If using gloves when cleaning, always wear the appropriate type of glove for the product you are using. The appropriate type of glove material will be listed on that product's safety data sheet (SDS). If this information is missing, contact the supplier or manufacturer of the product. Manufacturers of chemical protective gloves and clothing may also assist their customers in making appropriate choices.
For health care workplaces, the following precautions should help prevent transmission. In addition, check with organizations such as Health Canada, the Centers for Disease Control and Prevention (CDC) and the World Health Organization (WHO) who will be monitoring any new situation, and will include specific infection control guidance for workers at risk as the information becomes available.
As stated by the Government of Canada:
“In addition to the consistent application of routine practices, follow contact and droplet precautions. This [procedure] includes the appropriate selection and use of all of the following personal protective equipment (PPE):
Hand hygiene should be performed whenever indicated, paying particularly attention to during and after removal of PPE, and after leaving the patient care environment.”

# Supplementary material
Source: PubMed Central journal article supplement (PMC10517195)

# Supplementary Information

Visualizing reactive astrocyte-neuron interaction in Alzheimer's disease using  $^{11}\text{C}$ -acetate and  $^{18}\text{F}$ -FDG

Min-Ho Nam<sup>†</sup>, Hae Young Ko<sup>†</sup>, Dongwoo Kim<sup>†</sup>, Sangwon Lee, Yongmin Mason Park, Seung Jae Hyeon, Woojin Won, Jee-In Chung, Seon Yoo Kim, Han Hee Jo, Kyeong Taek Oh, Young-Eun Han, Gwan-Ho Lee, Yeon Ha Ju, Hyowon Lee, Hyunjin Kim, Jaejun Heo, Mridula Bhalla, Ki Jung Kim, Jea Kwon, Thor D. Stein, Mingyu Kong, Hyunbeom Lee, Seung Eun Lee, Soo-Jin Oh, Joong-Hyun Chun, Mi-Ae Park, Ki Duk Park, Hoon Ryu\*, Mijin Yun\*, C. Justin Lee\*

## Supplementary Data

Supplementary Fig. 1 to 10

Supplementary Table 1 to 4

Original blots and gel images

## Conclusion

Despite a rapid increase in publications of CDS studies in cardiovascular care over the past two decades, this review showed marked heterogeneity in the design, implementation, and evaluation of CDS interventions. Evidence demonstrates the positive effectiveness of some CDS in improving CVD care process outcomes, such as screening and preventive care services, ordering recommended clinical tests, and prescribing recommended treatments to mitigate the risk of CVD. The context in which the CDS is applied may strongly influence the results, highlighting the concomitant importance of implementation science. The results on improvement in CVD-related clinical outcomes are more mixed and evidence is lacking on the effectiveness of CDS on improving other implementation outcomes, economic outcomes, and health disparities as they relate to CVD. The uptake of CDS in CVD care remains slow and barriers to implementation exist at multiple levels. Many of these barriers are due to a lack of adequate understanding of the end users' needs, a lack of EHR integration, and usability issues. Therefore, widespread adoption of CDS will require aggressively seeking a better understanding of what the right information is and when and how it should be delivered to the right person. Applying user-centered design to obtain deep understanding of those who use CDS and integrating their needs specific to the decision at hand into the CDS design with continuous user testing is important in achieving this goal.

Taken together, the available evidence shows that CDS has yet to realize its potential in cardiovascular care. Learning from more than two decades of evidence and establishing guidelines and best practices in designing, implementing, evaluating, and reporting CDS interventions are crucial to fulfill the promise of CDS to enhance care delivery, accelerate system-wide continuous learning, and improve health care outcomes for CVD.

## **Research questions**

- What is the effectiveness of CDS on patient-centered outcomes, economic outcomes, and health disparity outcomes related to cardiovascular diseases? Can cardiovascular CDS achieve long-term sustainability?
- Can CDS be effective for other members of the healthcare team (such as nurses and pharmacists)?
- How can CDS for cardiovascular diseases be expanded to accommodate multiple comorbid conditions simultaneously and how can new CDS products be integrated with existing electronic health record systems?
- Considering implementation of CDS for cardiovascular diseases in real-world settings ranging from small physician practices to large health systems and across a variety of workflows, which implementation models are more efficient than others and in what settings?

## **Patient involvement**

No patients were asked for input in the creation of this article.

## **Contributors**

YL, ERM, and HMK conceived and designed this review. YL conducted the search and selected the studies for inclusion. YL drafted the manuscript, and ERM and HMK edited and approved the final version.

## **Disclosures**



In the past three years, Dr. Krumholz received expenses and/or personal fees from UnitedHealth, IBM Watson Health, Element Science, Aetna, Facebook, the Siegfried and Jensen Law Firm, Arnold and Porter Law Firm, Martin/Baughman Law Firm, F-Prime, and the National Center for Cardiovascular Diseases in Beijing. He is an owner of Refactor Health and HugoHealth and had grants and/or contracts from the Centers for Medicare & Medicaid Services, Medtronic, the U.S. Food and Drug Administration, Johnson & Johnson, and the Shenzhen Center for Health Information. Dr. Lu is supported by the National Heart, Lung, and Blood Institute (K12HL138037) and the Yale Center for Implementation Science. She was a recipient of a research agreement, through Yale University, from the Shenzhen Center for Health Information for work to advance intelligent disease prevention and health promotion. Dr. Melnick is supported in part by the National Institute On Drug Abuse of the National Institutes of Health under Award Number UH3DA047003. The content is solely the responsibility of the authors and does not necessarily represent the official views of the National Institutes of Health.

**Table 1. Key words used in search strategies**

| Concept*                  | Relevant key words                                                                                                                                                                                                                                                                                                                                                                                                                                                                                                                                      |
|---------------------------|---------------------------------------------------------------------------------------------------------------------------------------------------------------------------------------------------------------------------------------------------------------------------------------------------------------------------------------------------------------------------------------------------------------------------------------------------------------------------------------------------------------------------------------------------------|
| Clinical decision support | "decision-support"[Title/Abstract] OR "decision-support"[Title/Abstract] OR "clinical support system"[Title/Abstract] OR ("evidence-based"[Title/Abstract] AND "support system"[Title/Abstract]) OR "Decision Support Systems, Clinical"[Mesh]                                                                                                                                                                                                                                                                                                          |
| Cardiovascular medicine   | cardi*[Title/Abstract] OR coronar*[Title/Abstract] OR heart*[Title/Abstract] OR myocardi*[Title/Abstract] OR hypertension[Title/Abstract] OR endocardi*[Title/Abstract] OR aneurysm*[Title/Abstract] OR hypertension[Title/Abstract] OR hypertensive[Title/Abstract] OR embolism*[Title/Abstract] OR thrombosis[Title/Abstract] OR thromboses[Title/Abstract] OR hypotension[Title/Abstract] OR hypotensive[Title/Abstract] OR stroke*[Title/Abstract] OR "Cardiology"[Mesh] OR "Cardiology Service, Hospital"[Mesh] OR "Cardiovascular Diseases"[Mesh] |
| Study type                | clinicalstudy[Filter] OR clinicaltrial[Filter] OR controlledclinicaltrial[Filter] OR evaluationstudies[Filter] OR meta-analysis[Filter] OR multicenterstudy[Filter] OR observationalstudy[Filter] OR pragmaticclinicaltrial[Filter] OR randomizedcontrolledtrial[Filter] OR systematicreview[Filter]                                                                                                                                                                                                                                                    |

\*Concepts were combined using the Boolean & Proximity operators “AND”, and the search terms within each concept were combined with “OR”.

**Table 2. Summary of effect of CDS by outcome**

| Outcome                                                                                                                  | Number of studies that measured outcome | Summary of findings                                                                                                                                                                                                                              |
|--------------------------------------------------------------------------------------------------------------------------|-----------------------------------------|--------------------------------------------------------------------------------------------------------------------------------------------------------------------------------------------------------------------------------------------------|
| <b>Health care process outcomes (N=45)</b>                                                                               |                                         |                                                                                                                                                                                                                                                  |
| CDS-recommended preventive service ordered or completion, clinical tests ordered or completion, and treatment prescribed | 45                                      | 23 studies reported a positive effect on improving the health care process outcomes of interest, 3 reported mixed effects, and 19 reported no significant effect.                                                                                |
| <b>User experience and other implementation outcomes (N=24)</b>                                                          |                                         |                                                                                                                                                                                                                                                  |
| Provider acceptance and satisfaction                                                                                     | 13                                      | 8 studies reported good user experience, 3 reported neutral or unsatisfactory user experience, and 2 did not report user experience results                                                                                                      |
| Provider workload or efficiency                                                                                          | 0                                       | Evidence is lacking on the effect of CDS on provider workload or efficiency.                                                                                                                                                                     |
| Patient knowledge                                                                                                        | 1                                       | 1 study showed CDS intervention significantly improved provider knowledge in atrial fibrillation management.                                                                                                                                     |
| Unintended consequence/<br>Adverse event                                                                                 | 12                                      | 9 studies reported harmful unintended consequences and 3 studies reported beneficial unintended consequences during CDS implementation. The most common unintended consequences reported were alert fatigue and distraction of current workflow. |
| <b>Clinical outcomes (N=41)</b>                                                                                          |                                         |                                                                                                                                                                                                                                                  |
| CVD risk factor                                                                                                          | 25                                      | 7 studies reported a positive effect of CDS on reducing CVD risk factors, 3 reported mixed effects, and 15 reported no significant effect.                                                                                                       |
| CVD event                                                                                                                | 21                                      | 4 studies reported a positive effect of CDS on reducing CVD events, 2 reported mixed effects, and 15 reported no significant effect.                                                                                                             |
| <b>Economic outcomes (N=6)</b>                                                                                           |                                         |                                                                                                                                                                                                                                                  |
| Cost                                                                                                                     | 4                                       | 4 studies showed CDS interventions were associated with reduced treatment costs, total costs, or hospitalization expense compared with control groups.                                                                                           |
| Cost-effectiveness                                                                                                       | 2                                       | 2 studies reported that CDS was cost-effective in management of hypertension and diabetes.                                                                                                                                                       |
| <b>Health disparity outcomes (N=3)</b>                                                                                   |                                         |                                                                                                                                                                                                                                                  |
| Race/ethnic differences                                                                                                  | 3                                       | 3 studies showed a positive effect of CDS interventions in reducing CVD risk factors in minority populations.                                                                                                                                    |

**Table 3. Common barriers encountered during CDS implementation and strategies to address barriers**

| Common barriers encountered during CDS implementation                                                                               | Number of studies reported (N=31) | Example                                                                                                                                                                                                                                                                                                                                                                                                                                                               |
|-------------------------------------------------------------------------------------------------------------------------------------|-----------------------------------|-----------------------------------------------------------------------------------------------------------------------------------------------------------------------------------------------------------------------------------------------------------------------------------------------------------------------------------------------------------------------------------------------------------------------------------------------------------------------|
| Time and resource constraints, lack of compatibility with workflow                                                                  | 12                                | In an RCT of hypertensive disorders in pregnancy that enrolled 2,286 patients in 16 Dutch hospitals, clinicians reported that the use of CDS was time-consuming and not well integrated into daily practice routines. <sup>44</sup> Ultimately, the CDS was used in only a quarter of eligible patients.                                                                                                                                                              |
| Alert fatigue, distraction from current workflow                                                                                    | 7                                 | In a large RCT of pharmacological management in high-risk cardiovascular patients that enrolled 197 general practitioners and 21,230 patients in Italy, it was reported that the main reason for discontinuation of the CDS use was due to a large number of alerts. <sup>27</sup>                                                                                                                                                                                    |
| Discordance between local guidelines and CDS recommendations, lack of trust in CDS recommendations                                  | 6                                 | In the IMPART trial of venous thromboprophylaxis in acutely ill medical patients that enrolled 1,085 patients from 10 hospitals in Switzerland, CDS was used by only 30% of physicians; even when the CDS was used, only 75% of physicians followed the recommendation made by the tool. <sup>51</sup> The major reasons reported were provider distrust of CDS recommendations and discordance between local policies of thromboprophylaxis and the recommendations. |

Note that no single respirator or any type of personal protective equipment (PPE) can be expected to provide protection against all types of hazards. Be sure you are wearing the correct PPE for the task. If PPE is used, it should be managed as part of a complete PPE program which will include selection, fitting, training, inspection, use, cleaning, maintenance, and storage as appropriate.
The following are practices that can be used in healthcare or similar workplaces. In all cases, follow the recommendations of your workplace as there may be considerations specific to a situation that require other practices.
Use of alcohol-based hand sanitizer at the point-of-care as the preferred method for hand hygiene in all healthcare settings unless certain exceptions apply. Hands must be cleaned before and after contact with a patient, after contact with body fluids, and after contact with items known to be contaminated with respiratory secretions.
Gloves should be used as an additional measure, not as a substitute for hand washing. Gloves must be put on before contact with the patient and they should be removed and hands washed before leaving the patient's room.